Can conflict ever be a good thing? Two of your employees seem to be in conflict. They bicker, critique or criticise each other. Or, when you interact with your employees, the tension is high. Is this good or bad? The best answer is: It depends.
The word “conflict,” usually conjures up negative associations, such as arguments, hatred, anger, hurt feelings, distrust and more. But what is conflict and how does it impact worker performance?
Stephen Robbins, author of Organisational Behaviour, defines conflict as, “A process that begins when one party perceives that another party has negatively affected or is about to negatively affect something the first party cares about.”
I define conflict simply as tension. Shakespeare once wrote that, “Nothing is good or bad, but thinking makes it so.” Applied to tension, this means that conflict in itself is neither good nor bad. But when we add our own experiences to conflict or tension, we give it a positive or negative value. People who are afraid of conflict have probably had a negative experience with it; they may have been put down by someone, yelled at, insulted, or embarrassed.
Responding to Conflict
People often respond to conflict in at least three ways:
- They shy away from situations that even hint of conflict. They are reluctant to get involved in conversations that may be challenging, heated or potentially negative.
- They try to overcome their fear or reluctance by over-compensating. They react in a way that is often too loud, offensive or demeaning.
- They realise that not all conflict situations are negative, and they enter into the communication with an open mind, eager for an interaction.
How employees deal with conflict is usually a direct reflection of the tone or atmosphere you set for your company. Here’s a look at a few possible scenarios and how you can make the most of conflict or lack thereof.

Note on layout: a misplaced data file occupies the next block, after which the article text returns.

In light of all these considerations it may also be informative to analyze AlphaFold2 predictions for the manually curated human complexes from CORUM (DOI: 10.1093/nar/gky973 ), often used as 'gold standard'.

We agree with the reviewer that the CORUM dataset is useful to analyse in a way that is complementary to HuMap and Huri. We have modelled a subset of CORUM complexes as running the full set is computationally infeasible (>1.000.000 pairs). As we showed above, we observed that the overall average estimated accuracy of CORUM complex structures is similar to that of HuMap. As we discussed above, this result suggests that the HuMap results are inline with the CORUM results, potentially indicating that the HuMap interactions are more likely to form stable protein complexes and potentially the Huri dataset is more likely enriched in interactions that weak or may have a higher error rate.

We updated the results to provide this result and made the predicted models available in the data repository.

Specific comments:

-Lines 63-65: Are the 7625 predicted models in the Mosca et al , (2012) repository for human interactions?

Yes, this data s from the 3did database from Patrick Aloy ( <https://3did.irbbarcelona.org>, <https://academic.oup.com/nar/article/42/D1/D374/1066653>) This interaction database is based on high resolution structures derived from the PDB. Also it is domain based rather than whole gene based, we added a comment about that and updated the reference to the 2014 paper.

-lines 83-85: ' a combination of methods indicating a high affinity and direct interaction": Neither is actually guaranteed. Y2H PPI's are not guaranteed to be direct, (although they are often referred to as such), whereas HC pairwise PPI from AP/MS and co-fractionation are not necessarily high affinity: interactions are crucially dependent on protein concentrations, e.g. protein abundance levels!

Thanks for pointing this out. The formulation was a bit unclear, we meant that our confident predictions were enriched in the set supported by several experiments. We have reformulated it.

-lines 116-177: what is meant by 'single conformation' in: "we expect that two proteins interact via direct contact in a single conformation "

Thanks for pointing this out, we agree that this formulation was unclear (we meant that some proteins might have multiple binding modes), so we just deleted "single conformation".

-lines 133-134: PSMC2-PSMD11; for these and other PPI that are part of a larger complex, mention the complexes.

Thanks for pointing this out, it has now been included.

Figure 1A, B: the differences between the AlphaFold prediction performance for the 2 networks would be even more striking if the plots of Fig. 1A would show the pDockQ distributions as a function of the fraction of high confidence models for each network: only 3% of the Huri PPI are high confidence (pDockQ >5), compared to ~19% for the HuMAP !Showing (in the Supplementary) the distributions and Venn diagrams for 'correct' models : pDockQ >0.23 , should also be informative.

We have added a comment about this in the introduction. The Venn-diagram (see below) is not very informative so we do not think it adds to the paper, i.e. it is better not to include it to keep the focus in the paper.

1. Low Conflict/Low Potential.
When you don’t seem concerned about what your employees do, and the interaction and conflict between you and the employees is minimal or neutral, the overall group cohesion and productivity are low. This usually occurs when employees don’t care about their jobs or the outcome of their efforts. This could be a reaction to what they perceive as your lack of interest or concern or simply their own view of their job.
This situation most often occurs in large, impersonal organisations or in bureaucracies. As the boss, you need to evaluate the quality and type of interactions existing in your company. You need to turn an apathetic, negative atmosphere into a positive, thriving one; you can do this by becoming involved in the daily activities of some of your workers or supervisors to show them a more positive and productive way to interact.
2. High Conflict/Low Potential
Here’s another situation with a similarly unfortunate outcome. When the level of conflict is high – chaos, strained or uncertain lines of authority, or unclear job processes – and the conflict is negative, employee output and cohesion are also low. Here, even though employees may care about their jobs, the large amount of conflict clouds their ability to get the job done effectively. This is clearly a time for you to clarify goals, tasks and processes with an emphasis on reducing negative interactions.
3. Medium Conflict/High Potential
The third scenario involves a medium amount of conflict. You and your employees can challenge each other, refute thoughts, offer innovative alternatives and problem solve. This is all done without offending one another. The result of this moderate level of conflict is high cohesion and high output. Employees believe in what they are accomplishing, and they feel committed to the boss, the project and the outcome. This is the optimal combination of tension and productivity.